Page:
Was the trigger point for John Roberts’ appointment based upon Smith v Doe?

One of the most influential appointments in the history of the United states has turned out to be John Roberts, Chief Justice and Price Club Manager of the United States Supreme Court. I am in the process of researching how judicial appointments were made in the United States, including both the historical records as well as political gamesmanship in making those selections.

John Roberts had a long career as a litigator. While his career was built upon litigating for gay rights as well as for individuals against corporations, by the time he was arguing federally, he was representing big corporations, particularly energy companies. This isn’t a dig; I don’t have a problem with such litigation when there is merit one way or the other.

He litigated 35 times in front of SCOTUS. He won 19 of them. 18 of those victories were related in civil cases that didn’t have criminal sanctions attached to any aspect of the decision. On his last case before SCOTUS, came Smith v. Doe. Arguing the high recidivism rates of sex offenders, as well as the simplicity of a pleasant Tuesday morning filling out a Price Club application, John Roberts was able to convince the majority to rule the unconstitution al constitutional . Read that slowly and digest.

In fact, that last case alerted Karl Rove’s associate, who was assisting the state of Alaska with regard to the 9th Circuit decision that originally lost (and was the case that was appealed to Smith v. Doe), to how effective influential John Roberts truly was in that decision. Will B had indicated a case that destroyed the report of high recidivism that Roberts’ assertion opined, by the way, but I digress.

The associate conversed with Rove, who immediately brought up Roberts name (along with other legal judges and attorneys) that George W Bush wanted for federal appointments. This much is known.

Speculation: The final case was rather significant in the fact that sex offender issues had been perculating in the country for some time, and Bush wanted action that ultimately ended up in the farce known as the Adam Walsh Act. After hearing of how Roberts’ litigation essentially paved the way for Bush to proceed down the road, under the guise of the War on Terror, Bush appointed Roberts to the DC Circuit Court, the most prestigious court short of the Supreme Court, and in fact was Bush’s Supreme Court Justice in waiting.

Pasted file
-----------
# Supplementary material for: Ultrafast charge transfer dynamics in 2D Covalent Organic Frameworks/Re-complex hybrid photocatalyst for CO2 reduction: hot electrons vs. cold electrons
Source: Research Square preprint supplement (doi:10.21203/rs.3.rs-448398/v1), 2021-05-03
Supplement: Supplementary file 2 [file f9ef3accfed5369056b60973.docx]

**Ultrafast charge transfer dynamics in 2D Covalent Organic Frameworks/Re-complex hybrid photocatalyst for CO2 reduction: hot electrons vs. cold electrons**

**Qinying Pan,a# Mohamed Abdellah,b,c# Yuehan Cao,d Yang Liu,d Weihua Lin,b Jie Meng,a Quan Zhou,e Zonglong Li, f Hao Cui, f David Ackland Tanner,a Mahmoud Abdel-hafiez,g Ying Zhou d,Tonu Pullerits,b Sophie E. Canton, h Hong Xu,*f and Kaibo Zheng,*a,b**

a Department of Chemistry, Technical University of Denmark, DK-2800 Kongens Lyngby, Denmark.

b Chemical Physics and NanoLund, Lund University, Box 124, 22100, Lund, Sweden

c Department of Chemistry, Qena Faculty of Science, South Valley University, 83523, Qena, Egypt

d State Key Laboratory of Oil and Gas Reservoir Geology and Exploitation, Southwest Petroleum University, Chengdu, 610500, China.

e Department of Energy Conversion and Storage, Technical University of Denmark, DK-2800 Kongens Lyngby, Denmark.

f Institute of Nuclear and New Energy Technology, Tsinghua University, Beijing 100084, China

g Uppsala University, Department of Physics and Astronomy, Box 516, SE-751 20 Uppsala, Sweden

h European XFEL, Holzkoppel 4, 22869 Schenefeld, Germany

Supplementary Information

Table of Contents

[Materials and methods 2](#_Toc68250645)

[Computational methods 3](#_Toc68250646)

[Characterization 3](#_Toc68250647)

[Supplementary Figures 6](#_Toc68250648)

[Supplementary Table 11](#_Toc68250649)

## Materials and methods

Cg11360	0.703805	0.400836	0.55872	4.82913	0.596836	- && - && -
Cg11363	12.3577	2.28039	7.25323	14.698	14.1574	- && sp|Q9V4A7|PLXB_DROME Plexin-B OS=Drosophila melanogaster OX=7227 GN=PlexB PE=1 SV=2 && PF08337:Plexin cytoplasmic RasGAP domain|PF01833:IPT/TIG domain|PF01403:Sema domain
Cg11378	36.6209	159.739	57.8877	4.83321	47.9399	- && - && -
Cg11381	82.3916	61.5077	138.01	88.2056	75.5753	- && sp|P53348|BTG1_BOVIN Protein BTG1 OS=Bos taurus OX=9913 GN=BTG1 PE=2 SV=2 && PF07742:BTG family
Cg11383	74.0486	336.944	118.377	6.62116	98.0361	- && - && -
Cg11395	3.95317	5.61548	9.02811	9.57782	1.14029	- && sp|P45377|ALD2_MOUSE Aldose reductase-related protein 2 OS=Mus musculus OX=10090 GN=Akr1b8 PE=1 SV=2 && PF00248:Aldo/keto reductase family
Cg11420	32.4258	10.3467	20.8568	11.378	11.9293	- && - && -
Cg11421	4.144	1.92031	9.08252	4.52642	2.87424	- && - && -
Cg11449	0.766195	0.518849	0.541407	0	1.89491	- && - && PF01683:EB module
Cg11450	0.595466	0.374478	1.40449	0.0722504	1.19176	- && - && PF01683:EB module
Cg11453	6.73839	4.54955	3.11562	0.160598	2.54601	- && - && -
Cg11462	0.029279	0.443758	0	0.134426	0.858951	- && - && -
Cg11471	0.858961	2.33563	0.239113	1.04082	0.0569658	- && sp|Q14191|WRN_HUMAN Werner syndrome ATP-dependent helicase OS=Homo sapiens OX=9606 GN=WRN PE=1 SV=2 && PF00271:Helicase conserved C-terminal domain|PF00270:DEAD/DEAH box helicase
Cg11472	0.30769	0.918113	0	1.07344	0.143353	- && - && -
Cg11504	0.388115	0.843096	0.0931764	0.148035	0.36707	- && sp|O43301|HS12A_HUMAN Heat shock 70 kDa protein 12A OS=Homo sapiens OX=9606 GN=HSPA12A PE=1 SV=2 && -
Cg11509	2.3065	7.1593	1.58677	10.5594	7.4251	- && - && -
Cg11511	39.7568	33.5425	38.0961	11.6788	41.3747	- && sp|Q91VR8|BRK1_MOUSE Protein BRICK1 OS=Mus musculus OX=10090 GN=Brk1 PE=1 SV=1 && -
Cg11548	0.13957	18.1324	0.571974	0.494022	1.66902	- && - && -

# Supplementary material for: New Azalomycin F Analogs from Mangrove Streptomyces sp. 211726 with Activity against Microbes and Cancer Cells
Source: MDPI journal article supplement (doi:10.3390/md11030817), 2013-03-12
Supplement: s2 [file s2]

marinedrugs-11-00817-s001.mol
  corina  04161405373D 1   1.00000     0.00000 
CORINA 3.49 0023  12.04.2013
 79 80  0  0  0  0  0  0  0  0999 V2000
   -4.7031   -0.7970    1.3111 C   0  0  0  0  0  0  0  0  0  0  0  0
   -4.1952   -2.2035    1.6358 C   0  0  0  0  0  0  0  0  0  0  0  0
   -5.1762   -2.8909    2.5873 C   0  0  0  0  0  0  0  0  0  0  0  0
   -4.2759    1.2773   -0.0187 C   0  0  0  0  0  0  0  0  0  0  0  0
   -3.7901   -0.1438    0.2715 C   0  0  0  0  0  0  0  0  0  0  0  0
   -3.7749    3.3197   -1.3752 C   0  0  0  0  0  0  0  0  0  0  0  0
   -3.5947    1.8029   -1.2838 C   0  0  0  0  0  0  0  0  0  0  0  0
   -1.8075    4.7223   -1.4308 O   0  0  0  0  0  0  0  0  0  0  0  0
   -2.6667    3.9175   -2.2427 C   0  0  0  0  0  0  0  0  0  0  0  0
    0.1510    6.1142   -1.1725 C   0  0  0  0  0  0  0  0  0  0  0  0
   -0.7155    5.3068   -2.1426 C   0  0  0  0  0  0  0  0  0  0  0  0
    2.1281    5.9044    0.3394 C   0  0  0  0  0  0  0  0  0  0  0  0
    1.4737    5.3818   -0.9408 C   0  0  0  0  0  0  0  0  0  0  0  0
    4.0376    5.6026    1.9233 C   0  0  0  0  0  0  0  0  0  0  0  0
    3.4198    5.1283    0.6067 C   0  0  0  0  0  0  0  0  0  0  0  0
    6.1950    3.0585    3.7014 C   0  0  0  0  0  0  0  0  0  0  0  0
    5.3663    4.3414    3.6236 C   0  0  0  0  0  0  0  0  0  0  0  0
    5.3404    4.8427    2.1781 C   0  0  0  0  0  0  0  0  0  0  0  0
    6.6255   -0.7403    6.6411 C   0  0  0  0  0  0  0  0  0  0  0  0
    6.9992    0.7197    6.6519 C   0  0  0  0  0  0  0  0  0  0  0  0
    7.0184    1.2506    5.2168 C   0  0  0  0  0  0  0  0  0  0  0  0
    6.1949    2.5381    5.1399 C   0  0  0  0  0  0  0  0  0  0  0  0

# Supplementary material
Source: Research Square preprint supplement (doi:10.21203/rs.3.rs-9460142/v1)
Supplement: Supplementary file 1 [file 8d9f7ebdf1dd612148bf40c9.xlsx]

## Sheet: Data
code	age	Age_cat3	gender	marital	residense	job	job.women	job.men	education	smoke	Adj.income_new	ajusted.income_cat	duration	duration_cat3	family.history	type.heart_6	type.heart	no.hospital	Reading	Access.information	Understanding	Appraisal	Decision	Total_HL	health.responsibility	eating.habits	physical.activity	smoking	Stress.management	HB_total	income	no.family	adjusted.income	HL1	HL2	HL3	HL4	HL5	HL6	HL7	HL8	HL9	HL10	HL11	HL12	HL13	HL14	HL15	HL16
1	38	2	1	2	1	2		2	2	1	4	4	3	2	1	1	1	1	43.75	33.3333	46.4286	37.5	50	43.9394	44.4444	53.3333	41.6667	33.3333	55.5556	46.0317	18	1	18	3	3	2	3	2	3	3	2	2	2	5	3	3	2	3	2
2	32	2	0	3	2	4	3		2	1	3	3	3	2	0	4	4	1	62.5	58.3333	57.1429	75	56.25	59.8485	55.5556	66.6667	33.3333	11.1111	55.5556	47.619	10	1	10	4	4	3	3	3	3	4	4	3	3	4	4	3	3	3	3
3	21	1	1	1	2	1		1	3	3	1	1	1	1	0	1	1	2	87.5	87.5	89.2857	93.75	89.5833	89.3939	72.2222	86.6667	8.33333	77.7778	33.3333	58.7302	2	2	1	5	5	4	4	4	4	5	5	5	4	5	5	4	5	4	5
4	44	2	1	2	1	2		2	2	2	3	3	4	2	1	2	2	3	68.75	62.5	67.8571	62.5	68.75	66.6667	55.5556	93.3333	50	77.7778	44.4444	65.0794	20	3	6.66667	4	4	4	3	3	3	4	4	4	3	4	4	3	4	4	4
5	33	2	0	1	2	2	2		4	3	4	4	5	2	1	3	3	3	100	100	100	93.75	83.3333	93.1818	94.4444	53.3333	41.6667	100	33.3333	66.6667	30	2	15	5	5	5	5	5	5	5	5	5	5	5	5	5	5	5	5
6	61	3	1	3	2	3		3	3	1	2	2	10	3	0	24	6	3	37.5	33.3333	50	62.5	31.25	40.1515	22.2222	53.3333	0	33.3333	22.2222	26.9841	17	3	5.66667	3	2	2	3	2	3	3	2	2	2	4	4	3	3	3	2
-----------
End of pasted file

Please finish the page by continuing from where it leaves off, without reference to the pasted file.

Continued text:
When Sandra Day O’Conner retired, Bush initially chose Roberts to replace her, but shortly after her announcement, Chief Rehnquist died, and now Bush not only had a justice, but a CHIEF justice to replace. So he technically removed his nomination to replace O’Conner and nominated him for Chief Justice. And you know…the rest of the story.

Had he lost Smith v. Doe? Supreme Court Justice Samuel A. Alito, a real constitutional ist. Arguably, we would have a much more stable and constitutional court.

Sex offender issues have impacted the United States and its legal, political, and soon to be a major part of its fundamental transformation . Smith v. Doe was the trigger that started this mess.

13 comments for “Was the trigger point for John Roberts’ appointment based upon Smith v Doe?

Leave a Reply

Your email address will not be published. Required fields are marked *

This site uses Akismet to reduce spam. Learn how your comment data is processed.